During the Event
Even those in excellent health, can have heat illness if symptoms are ignored.
Signs and Symptoms
A person with a heat-related illness may have:
- A high body temperature (above 102° F)
- Cool, moist, pale skin (the skin may be red right after physical activity). Skin may appear red and hot with no sweating.
- Small pupils
- A rapid, weak pulse
- Rapid, shallow breathing
- Dizziness and weakness or exhaustion
- Extreme confusion or irritability
First Aid Guide
When heat-related illness is suspected, seek emergency medical care immediately. While awaiting emergency medical services, try to cool the person as described below.
Use a combination of the following measures depending on the circumstances and means available:
- Have the person rest, legs slightly elevated, in a shaded area or cool or air-conditioned building, room, or car
- Remove or loosen the person’s clothing
- Give the person an electrolyte drink or water. Do not give beverages that contain caffeine or alcohol.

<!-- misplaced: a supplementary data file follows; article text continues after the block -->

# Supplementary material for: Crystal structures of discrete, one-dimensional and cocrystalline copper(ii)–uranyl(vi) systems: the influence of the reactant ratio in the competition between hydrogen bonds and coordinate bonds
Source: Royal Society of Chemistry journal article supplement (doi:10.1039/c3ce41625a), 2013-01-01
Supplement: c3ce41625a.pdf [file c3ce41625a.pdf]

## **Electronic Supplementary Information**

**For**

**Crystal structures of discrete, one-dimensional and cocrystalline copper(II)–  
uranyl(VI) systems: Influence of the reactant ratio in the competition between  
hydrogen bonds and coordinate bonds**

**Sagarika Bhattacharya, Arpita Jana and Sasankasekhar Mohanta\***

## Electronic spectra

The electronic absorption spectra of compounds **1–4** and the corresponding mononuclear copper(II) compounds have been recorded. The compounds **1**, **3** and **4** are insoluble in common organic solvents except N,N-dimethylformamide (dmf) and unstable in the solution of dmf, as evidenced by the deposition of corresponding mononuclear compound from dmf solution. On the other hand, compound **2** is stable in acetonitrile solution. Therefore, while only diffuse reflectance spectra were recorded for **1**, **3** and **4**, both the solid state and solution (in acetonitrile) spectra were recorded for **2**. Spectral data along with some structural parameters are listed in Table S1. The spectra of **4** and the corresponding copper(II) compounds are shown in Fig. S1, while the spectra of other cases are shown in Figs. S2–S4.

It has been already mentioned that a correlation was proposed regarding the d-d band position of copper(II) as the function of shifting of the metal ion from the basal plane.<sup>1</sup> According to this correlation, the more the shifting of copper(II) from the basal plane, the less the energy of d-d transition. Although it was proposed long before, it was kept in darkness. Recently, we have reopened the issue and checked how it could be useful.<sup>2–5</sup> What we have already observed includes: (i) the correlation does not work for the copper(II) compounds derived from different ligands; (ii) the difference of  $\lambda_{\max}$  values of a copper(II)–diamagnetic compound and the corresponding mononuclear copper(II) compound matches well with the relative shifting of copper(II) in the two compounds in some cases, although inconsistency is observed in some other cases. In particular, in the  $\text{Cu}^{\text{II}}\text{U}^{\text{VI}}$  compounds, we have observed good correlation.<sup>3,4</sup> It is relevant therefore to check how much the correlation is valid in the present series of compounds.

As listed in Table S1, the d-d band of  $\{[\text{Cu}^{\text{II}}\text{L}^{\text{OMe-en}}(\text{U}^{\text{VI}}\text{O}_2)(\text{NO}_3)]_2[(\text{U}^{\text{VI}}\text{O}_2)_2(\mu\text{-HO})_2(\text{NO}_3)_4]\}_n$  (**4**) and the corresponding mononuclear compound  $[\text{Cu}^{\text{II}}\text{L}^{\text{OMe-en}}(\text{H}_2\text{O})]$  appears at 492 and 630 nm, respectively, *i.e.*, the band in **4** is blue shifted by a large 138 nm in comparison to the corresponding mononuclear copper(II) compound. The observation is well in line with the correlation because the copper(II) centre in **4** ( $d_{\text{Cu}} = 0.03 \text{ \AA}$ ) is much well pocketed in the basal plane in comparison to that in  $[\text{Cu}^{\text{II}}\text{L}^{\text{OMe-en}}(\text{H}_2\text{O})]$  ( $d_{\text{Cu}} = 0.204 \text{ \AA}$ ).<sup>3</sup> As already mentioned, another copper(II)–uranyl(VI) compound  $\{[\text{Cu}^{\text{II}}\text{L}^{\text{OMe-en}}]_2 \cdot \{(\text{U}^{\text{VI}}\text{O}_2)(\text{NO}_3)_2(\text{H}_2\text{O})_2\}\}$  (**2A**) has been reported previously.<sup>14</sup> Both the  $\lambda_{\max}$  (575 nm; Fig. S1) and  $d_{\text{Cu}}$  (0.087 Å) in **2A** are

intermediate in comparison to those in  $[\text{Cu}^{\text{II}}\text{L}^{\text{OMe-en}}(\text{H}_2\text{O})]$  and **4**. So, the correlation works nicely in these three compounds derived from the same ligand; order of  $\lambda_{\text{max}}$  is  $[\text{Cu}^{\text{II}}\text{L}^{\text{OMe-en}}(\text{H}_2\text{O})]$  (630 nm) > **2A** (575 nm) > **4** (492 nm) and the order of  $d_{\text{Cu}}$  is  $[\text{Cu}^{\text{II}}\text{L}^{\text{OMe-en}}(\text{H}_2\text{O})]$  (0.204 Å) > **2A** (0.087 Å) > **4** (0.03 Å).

- Wrap the person in wet cloth, and position a fan toward them. Evaporation of water on the skin aids in cooling.
- Apply cold compresses to the neck, armpits, groin, etc.
Individuals At Risk
People most susceptible to head-related illnesses are those who are outdoors on a hot, humid day or inside in a poorly ventilated area, particularly children, the elderly, or the obese. Children and the elderly show the fastest progression of symptoms and can collapse suddenly.
Those on certain medications can suffer from heat illness, as well, as medications can alter the way the body handles heat and sun. Those who drink alcohol before, during, or after vigorous activity are more susceptible to heat illness, as are people who do heavy work with inadequate fluid intake.
Updated June 2017